From Courmayeur to Chamonix: Testing new SCOTT Skis (Ep.87)



TOPICS & TIMES:

  • SCOTT Sports becoming an “international” brand (5:02)
  • Why make so many different types of products? (6:42)
  • Will we see a SCOTT binding? (12:08)
  • The 2020 Winter Collection (15:41)
  • The New Superguide Freetour (20:00)
  • What is a 3D sidecut radius? (30:51)
  • Superguide 95 vs. Freetour (38:00)
  • New touring boot (40:25)

Sam Shaheen was recently in Courmayeur, Italy to test the new SCOTT Superguide Freetour in the spectacular mountains surrounding Mont Blanc. After several days of big lines and long tours, he came away thoroughly impressed.

So, in the first half of this conversation, he talks with SCOTT’s CMO, Reto Aeschbacher, about the backstory of SCOTT, the challenges of managing large product lines, and the motivation behind their new line of backcountry skis. Then he does a deep dive with SCOTT’s Ski Product Manager, Franz Marsan, about the new Superguide Freetour.

You can also watch this conversation on our Blister YouTube channel.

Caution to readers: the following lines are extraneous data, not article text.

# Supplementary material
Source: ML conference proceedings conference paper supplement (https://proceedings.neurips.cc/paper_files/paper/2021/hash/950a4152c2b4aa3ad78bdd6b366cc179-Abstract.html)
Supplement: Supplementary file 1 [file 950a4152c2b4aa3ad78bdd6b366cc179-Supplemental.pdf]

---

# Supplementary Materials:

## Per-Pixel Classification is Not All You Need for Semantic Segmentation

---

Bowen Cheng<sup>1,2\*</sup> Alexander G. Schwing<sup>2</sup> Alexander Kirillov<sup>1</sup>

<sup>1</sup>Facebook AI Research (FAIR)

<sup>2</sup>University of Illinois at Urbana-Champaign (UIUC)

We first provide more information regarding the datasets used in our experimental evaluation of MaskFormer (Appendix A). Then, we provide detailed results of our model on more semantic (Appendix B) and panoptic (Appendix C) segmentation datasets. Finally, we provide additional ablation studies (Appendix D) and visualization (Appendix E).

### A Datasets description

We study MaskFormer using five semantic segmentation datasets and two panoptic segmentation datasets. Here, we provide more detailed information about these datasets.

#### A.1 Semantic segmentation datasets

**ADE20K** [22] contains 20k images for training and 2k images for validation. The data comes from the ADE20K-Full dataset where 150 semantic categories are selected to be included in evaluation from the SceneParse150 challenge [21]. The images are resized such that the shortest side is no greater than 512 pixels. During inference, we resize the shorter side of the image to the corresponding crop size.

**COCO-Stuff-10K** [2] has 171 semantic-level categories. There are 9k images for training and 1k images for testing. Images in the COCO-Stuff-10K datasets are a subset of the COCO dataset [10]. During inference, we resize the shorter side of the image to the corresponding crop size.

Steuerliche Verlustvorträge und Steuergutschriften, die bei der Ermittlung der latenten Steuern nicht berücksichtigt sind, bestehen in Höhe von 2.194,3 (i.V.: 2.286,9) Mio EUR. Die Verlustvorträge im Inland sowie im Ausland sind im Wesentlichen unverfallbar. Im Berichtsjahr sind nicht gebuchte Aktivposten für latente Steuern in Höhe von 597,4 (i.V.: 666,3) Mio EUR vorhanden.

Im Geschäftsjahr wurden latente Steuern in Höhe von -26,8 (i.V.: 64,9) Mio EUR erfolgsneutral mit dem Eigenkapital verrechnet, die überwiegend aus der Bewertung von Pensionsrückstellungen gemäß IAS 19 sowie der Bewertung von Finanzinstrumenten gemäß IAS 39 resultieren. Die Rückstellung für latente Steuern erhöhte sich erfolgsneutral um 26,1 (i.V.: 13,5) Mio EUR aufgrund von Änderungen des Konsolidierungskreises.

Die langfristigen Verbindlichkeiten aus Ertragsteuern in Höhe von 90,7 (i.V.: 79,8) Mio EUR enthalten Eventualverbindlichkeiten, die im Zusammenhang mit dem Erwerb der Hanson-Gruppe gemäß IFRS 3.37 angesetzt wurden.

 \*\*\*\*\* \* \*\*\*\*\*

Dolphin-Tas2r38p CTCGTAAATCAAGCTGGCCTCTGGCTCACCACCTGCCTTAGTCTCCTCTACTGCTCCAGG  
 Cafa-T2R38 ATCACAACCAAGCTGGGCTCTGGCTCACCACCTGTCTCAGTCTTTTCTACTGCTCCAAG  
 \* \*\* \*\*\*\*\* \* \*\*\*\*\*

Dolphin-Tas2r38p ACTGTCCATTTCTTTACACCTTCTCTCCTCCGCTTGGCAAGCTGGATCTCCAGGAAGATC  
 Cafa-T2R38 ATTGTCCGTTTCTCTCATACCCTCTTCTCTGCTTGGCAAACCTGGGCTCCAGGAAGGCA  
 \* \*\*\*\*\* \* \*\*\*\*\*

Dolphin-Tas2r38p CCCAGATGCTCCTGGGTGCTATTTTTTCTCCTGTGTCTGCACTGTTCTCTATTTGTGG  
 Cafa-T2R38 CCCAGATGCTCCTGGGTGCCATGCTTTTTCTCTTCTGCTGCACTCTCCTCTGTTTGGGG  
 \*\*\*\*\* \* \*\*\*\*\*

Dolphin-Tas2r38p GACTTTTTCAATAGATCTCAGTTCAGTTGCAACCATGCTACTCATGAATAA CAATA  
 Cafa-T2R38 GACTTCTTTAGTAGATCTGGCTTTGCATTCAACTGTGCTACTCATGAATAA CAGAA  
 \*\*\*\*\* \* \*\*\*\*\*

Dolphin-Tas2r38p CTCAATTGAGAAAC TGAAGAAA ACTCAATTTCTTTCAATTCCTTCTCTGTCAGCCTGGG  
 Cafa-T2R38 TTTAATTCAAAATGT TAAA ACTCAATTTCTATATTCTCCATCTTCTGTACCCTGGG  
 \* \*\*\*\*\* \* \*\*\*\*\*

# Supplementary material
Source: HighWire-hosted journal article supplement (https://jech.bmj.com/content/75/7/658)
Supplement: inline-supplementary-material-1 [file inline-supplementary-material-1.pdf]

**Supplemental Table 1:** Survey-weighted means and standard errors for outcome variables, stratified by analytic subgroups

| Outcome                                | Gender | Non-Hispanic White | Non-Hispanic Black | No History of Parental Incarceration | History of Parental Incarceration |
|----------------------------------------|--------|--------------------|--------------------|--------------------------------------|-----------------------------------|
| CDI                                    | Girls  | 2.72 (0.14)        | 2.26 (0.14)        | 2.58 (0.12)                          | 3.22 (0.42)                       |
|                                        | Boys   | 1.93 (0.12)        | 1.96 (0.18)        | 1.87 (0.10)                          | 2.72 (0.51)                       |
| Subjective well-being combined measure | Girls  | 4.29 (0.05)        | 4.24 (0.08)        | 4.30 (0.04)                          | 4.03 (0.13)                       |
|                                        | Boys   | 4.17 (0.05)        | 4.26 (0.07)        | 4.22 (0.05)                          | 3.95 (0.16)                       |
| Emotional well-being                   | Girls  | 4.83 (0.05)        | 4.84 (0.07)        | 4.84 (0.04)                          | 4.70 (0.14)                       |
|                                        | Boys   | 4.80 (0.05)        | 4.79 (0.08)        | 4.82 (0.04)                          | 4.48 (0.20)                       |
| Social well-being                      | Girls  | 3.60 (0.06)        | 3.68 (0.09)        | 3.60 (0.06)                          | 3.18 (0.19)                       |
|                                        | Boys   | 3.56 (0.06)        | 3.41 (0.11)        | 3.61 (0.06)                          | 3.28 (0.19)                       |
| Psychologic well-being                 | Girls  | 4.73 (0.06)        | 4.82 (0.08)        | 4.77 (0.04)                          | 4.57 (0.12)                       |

On Blister's GEAR:30 Podcast, SCOTT’s CMO, Reto Aeschbacher, discusses the brand's skiing history, the new 20/21 Scott Superguide skis, and more.
Sam Shaheen on the Scott Superguide Freetour, Courmayeur, Italy.

2 comments on “From Courmayeur to Chamonix: Testing new SCOTT Skis (Ep.87)”

  1. wow ! had to be the trip of a lifetime !

    and an interesting podcast, to boot…

    but, i have point out you kinda whiffed. y’all have been on this tele craze for a while now, you are locked in a room with the product developers of one of the few companies making tele boots having a conversation about radical design changes, and you do not ask what is afoot(yup…) with new tele boot ideas ?!?!?!!!

  2. Recently purchased a first pair of Scott skis in many years. When measuring for home mount of pin bindings, I was chuffed to find not only the boot centre line identical on both skis, but the longitudinal lines in the mount zones were aligned with the ski edges and centred.
    If this is standard for Scott skis, and not a fluke, it is a great step forward.
    I often carry out more than 1 mount on a ski, and shops tend to charge through the nose to provide this service if the skis and/or bindings are not purchased at the time.
    I wonder if it is generally possible to place topsheets accurately during manufacture, and if so why is the practice not being adopted ? Could makers go the whole hog and provide a scaled grid in the mount zones?

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